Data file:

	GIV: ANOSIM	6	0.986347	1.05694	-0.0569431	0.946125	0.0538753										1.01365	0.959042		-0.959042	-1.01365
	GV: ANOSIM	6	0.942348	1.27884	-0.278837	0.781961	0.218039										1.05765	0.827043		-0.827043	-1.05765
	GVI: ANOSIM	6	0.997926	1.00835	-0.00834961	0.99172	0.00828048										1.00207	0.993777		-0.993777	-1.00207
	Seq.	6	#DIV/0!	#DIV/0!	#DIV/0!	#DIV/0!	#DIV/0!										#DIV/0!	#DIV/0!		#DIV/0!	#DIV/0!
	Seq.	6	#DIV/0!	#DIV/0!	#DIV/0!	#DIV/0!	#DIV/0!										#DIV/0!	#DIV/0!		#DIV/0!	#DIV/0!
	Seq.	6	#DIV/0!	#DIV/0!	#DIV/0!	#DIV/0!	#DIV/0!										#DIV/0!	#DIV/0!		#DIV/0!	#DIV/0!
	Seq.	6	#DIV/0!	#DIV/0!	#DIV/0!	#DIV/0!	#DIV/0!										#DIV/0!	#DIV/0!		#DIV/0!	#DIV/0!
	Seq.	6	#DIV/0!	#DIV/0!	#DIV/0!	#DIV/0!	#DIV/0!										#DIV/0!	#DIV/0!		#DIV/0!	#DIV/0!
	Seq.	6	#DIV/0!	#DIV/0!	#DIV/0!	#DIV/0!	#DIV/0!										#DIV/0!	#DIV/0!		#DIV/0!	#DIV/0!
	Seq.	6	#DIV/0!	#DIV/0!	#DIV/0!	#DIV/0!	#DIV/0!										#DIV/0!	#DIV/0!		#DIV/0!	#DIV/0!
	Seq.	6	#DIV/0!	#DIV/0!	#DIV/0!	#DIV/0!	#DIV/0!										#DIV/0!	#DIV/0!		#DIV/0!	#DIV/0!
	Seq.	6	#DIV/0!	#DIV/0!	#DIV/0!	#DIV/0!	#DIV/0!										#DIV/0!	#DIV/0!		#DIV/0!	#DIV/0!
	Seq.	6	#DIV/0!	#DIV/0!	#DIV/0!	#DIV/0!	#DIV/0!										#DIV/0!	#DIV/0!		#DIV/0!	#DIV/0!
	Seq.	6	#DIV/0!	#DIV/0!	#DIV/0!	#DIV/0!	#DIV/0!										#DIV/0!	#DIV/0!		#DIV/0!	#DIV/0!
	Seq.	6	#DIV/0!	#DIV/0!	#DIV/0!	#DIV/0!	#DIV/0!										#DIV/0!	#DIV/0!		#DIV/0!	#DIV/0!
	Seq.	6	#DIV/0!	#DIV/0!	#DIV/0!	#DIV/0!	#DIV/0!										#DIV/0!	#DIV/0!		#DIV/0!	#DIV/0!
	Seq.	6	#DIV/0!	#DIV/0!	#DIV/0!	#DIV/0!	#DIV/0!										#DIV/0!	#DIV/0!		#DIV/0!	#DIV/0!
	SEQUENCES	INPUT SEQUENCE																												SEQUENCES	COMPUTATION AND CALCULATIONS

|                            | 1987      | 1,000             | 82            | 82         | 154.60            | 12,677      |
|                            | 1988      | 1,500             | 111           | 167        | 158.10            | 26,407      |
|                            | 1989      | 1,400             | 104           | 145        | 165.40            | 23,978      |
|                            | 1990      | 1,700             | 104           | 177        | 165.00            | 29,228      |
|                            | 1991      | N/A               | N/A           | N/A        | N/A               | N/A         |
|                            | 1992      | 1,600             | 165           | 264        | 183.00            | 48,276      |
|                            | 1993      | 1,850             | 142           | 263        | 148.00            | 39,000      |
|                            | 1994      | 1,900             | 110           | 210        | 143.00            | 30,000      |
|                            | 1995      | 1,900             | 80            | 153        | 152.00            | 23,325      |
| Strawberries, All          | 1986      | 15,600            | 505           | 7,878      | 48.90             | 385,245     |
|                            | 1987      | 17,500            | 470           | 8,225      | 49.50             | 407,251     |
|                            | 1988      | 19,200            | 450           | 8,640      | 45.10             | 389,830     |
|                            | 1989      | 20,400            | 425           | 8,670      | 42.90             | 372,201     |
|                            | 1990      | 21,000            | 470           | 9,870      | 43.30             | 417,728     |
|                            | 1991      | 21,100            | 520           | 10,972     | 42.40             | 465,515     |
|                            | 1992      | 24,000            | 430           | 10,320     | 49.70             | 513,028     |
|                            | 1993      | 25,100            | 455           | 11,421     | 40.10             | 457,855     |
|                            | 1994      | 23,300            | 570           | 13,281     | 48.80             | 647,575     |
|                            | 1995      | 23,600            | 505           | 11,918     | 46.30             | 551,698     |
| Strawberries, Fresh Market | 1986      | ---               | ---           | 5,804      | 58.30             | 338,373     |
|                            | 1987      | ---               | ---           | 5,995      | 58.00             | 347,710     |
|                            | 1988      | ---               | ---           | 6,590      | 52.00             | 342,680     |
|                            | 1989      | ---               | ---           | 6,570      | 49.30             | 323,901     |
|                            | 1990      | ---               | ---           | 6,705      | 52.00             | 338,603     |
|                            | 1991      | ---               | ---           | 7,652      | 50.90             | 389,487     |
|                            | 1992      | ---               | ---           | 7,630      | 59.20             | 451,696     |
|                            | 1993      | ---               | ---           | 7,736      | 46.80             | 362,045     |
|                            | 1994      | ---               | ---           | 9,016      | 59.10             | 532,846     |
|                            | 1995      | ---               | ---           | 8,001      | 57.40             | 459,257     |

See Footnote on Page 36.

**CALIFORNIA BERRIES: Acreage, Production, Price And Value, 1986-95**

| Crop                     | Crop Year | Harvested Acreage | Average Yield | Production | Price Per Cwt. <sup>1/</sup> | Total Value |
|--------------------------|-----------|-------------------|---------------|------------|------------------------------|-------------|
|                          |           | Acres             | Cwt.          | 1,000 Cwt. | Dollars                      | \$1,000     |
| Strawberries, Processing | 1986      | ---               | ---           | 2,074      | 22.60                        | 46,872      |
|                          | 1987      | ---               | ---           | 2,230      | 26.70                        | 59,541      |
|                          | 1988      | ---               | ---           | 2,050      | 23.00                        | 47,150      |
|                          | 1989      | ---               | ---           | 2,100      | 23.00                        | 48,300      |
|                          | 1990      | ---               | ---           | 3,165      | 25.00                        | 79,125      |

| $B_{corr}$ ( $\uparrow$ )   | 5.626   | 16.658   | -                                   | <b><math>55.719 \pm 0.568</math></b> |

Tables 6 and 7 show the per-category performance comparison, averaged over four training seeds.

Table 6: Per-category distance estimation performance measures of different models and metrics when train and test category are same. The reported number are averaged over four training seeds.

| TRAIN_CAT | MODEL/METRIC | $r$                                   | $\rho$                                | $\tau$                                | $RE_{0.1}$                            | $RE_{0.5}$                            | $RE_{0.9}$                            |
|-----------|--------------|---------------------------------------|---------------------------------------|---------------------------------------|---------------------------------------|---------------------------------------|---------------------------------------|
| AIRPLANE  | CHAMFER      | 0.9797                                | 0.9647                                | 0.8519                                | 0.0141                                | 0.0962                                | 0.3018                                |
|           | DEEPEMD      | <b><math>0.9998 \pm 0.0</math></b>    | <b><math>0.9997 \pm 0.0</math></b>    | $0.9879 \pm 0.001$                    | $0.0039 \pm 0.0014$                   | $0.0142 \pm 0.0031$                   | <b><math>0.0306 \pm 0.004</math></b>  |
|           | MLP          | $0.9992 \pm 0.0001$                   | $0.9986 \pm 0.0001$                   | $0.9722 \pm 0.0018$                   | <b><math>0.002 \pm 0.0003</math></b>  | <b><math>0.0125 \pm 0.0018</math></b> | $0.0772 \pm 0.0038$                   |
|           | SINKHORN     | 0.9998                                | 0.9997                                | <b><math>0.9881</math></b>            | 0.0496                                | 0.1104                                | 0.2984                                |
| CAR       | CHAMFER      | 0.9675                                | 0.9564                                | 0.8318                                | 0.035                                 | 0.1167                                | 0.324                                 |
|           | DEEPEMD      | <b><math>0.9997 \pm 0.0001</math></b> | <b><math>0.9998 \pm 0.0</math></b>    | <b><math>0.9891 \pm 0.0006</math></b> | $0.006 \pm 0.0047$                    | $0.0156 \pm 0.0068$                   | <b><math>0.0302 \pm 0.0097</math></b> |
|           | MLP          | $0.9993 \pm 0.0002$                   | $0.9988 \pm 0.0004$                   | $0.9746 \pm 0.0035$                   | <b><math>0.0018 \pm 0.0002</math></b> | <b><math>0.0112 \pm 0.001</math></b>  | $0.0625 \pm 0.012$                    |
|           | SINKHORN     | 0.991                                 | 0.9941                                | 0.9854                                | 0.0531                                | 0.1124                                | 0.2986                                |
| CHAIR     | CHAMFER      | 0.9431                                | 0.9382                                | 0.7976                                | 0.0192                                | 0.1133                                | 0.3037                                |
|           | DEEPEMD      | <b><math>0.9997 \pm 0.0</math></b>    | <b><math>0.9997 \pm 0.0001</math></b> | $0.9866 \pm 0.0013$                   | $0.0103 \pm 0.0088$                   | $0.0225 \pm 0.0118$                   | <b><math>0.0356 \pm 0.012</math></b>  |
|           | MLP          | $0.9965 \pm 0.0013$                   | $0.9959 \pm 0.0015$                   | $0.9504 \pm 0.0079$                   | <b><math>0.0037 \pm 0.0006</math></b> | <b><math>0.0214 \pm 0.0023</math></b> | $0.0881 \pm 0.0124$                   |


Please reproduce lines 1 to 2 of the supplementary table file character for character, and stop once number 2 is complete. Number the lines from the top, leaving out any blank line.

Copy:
	GIV: ANOSIM	6	0.986347	1.05694	-0.0569431	0.946125	0.0538753										1.01365	0.959042		-0.959042	-1.01365
	GV: ANOSIM	6	0.942348	1.27884	-0.278837	0.781961	0.218039										1.05765	0.827043		-0.827043	-1.05765